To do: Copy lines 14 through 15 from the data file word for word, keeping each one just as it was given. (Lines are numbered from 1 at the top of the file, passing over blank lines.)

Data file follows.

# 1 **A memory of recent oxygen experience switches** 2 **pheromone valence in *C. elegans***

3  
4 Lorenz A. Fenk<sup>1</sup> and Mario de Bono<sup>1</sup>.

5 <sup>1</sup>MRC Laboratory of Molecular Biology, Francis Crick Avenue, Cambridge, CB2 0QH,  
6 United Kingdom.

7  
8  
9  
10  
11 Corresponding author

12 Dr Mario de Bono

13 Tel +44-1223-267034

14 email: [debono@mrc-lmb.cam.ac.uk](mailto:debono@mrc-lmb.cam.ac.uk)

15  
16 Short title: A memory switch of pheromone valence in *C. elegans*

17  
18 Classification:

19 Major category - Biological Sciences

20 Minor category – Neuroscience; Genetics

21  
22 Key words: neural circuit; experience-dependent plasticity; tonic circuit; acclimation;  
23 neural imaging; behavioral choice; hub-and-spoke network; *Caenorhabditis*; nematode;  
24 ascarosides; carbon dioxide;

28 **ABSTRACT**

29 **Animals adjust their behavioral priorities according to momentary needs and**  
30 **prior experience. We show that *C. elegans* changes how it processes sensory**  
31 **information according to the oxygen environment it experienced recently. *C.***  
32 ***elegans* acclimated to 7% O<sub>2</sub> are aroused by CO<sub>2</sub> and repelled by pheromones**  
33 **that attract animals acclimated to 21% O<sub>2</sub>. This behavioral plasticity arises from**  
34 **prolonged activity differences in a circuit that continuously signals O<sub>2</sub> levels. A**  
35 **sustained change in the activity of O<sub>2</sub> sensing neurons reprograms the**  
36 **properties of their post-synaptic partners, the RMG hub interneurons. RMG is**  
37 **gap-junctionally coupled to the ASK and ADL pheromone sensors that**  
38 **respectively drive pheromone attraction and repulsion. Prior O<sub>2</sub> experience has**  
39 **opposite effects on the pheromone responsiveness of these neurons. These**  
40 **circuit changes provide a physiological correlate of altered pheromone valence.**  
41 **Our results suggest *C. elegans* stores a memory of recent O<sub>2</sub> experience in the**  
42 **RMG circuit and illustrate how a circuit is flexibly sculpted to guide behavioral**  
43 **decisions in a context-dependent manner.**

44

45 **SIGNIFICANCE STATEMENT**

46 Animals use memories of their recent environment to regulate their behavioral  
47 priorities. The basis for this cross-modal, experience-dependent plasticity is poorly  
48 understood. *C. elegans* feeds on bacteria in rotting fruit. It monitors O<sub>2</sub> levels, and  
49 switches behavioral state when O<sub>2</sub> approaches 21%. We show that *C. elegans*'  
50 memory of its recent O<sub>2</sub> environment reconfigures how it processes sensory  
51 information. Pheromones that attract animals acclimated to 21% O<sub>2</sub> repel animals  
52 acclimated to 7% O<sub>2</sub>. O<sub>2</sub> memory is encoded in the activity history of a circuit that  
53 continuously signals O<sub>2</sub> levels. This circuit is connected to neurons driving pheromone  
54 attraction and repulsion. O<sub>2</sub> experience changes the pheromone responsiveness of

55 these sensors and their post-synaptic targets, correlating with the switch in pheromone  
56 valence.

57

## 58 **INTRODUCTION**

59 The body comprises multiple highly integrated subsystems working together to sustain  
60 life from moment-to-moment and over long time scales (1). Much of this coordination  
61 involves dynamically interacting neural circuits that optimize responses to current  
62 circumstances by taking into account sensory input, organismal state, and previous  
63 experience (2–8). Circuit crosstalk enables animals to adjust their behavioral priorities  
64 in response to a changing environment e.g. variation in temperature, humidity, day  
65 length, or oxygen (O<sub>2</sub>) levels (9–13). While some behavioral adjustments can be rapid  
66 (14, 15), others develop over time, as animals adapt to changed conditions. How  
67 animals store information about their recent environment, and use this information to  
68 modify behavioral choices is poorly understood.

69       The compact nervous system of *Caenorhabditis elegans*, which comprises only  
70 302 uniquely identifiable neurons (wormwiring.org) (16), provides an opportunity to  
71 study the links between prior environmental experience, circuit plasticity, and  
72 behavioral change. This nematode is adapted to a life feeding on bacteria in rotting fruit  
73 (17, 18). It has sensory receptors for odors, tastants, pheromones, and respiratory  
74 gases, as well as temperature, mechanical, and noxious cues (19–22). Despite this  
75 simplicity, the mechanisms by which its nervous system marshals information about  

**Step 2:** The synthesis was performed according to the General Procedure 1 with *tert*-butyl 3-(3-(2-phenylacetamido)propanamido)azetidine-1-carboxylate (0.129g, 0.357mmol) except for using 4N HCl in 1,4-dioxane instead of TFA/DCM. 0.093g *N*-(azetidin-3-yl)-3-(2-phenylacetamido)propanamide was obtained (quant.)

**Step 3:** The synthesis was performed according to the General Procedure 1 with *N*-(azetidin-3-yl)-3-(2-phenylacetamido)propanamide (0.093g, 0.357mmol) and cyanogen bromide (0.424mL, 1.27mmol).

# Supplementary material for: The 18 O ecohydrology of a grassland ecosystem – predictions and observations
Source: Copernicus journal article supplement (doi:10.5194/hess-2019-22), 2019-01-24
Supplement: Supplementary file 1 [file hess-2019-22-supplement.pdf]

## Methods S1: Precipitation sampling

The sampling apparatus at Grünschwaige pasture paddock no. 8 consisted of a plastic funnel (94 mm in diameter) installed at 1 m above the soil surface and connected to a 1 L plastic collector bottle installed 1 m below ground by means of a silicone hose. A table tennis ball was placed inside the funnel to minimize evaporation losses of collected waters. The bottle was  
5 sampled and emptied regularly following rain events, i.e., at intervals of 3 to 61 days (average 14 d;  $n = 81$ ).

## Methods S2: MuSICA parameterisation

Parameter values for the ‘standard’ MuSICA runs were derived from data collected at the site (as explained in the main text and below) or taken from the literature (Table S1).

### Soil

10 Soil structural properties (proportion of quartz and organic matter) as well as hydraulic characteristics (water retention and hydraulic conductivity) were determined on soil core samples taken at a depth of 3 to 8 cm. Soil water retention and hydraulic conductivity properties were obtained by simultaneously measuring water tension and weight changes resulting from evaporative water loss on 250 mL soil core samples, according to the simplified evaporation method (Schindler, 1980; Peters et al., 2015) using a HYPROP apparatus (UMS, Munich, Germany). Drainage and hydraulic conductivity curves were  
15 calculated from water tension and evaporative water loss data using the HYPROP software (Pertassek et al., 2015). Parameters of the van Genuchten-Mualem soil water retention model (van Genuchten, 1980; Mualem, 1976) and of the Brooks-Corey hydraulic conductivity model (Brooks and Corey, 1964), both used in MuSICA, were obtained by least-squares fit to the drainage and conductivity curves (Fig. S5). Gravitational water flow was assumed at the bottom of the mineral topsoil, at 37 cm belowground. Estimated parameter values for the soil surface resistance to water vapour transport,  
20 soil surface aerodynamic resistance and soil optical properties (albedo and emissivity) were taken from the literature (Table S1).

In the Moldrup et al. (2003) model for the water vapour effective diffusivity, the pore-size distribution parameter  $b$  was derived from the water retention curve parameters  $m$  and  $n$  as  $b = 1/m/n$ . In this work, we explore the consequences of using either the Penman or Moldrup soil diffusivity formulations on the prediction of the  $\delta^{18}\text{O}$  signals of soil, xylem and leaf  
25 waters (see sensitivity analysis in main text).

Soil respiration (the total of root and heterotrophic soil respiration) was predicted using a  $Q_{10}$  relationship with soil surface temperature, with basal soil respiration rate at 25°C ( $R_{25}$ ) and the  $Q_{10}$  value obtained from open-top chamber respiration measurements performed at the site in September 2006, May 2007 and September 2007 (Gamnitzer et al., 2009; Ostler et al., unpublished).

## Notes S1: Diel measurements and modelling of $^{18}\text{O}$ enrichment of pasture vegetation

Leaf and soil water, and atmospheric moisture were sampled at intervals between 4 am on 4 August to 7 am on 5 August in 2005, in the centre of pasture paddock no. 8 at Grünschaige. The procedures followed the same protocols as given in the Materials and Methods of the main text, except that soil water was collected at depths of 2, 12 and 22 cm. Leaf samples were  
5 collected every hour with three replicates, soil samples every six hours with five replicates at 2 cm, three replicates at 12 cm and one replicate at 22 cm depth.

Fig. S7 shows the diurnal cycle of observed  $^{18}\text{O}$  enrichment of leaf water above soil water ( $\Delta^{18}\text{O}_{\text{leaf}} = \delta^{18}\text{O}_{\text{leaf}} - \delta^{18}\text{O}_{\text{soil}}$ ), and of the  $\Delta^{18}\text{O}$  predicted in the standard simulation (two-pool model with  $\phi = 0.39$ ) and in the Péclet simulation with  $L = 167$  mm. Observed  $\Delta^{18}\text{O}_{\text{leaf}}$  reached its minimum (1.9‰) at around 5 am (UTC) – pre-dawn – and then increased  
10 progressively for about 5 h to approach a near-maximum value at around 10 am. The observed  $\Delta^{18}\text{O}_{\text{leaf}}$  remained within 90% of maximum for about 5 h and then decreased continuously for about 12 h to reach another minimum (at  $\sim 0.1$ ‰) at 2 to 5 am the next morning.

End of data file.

15  
16 Short title: A memory switch of pheromone valence in *C. elegans*